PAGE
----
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Swiss franc rises to six year high as central bank stands back -Breaking


© Reuters. FILEPHOTO: This sign can be seen on the Swiss National Bank’s (SNB), in Bern, Switzerland. October 11, 2021. REUTERS/Denis Balibouse

John Revill

ZURICH, (Reuters) – The Swiss National Bank does not stand in the way the franc’s appreciation according to data published Monday. This is an eye-catching development as the currency that serves as a safe haven rose to the highest point against the Euro in more than six decades.

Investors will find it difficult to believe that the central bank is changing its stance. They have become accustomed to hearing from the SNB about how they would combat negative interest rates, foreign currency purchases and other measures to curb the economy.

Monday’s rise in the Franc to 1.0426 per euro was the highest since July 2015, fueled by new COVID-19 variants, low Swiss inflation and weakening of the euro.

This level is close to the 1:1 ratio against the euro that the Franc reached briefly after Jan. 2015’s SNB policy shift.

The latest sight deposit data, which is a proxy of SNB interventions, increased only by 94 million Francs last week. This represents a small fraction of forex purchases made last year.

Karsten Junius, J.Safra Sarasin economist, stated that the SNB did not defend the 1.05 level with an increase of just 100 million Francs.

Because of positive Swiss inflation and a robust economy, this could be a sign that the SNB may have stopped repressing the franc at the current level.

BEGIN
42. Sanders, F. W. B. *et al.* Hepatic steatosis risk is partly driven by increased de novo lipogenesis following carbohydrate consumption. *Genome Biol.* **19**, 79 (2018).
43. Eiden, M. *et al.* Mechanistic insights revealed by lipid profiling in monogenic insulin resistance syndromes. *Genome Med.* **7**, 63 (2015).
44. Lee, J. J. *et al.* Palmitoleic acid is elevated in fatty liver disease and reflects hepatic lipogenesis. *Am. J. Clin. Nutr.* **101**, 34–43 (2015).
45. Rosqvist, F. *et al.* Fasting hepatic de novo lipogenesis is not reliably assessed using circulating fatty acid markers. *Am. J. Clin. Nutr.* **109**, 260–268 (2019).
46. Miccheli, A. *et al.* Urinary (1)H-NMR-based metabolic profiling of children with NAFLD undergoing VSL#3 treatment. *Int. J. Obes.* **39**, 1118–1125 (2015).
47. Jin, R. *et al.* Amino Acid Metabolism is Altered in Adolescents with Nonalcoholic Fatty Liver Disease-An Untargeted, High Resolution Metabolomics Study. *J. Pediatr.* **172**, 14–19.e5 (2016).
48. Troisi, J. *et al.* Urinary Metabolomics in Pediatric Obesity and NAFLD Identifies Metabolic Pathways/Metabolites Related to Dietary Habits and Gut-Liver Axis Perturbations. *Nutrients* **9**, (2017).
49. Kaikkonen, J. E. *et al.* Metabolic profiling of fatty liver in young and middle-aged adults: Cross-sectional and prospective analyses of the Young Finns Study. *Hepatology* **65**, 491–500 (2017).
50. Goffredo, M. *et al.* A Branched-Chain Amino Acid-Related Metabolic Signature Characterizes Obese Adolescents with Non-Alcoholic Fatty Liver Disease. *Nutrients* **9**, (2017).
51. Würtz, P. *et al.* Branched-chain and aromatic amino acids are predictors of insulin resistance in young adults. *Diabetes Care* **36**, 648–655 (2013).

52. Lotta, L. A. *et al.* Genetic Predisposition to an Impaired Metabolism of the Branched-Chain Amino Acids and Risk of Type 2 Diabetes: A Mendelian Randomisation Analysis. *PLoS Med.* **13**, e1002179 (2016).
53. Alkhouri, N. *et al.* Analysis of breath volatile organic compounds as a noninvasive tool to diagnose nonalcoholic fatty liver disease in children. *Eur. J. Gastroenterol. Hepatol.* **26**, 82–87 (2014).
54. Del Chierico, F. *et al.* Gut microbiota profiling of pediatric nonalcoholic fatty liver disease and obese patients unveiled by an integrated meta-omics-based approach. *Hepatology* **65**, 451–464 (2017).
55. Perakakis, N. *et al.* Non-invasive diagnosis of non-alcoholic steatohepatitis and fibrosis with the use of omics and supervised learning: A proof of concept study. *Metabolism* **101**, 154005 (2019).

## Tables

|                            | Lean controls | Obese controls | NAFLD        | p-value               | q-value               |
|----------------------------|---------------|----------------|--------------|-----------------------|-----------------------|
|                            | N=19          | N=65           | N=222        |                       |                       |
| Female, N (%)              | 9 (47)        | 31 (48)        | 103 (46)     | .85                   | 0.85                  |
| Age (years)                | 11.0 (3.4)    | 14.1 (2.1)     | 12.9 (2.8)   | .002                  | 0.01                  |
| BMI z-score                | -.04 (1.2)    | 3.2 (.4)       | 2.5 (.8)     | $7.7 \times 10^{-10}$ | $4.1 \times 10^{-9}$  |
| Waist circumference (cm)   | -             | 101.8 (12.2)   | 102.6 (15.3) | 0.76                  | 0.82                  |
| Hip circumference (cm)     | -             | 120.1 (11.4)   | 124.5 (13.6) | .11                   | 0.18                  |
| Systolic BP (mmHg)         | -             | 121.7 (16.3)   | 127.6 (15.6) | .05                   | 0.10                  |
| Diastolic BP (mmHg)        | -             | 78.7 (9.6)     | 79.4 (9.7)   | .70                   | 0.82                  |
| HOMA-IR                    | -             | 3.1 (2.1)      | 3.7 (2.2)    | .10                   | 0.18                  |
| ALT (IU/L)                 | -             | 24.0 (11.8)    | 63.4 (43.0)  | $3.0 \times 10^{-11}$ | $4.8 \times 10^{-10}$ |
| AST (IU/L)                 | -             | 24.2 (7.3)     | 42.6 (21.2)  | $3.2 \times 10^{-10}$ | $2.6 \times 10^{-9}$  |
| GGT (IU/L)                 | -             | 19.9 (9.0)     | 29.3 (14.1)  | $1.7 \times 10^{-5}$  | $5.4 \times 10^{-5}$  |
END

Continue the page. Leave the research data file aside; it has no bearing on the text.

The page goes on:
Economists suggest that the central bank might be holding on to its resources in order to stop rapid, large-scale appreciation.

An immediate response from the SNB was not received to Reuters’ request to comment on Monday’s data, or about the reactions of the economists.

Thomas Stucki is the chief investment officer of St Galler Kantonalbank. He was also the former manager for the SNB’s foreign currency reserves.


“They will not allow the movement to below 1.04 or 1.03,” he said. They will then intensify their interventions.”

Stucki said that the franc would eventually attain parity.

He said that it was clear, based on the inflation developments in Europe and Switzerland, that the Swiss Franc would become more expensive with time. “We do not expect parity to occur next year. But we believe that it will in the next two- to three years.”

Andrea Maechler, member of the SNB’s governing board, stated that the SNB had been monitoring the level of the Franc, even though the central bank did not target any specific rate.

At 1.2%, Swiss inflation is within the SNB definition of price stability. It reduces the need for us to act.

The long-term strategy of the SNB is to fight strong overvaluation. Alessandro Bee, UBS economist, said that the question now is what “strong overvaluation” means.

He said that the Eurozone’s much higher inflation than Switzerland has led to an increase in fair value for the Swiss Franc to 1.11 euros, up from 1.20 in last year.

Bee said that “from this perspective, at 1.05, the franc doesn’t seem over-valued anymore.” This warrants that the SNB has a lower intervention threshold, although it’s not clear where exactly this threshold is.

In the days ahead, the SNB’s stance will be evaluated. This is especially true if there is an increase in demand for the Franc due to the coronavirus omicron.

Charlotte de Montpellier, an ING economist said that the SNB’s situation was becoming more complex. There is the risk that there will be a renewed flight towards safety, as well as a strengthening in the safe haven currencies and thus the Swiss Franc.

Junius, J Safra Sarasin economist, stated that the SNB had done the right thing and not wasted too much money in defending the Franc.

They will attempt to stop appreciations at 1.03. He said that this would be the last defense before parity.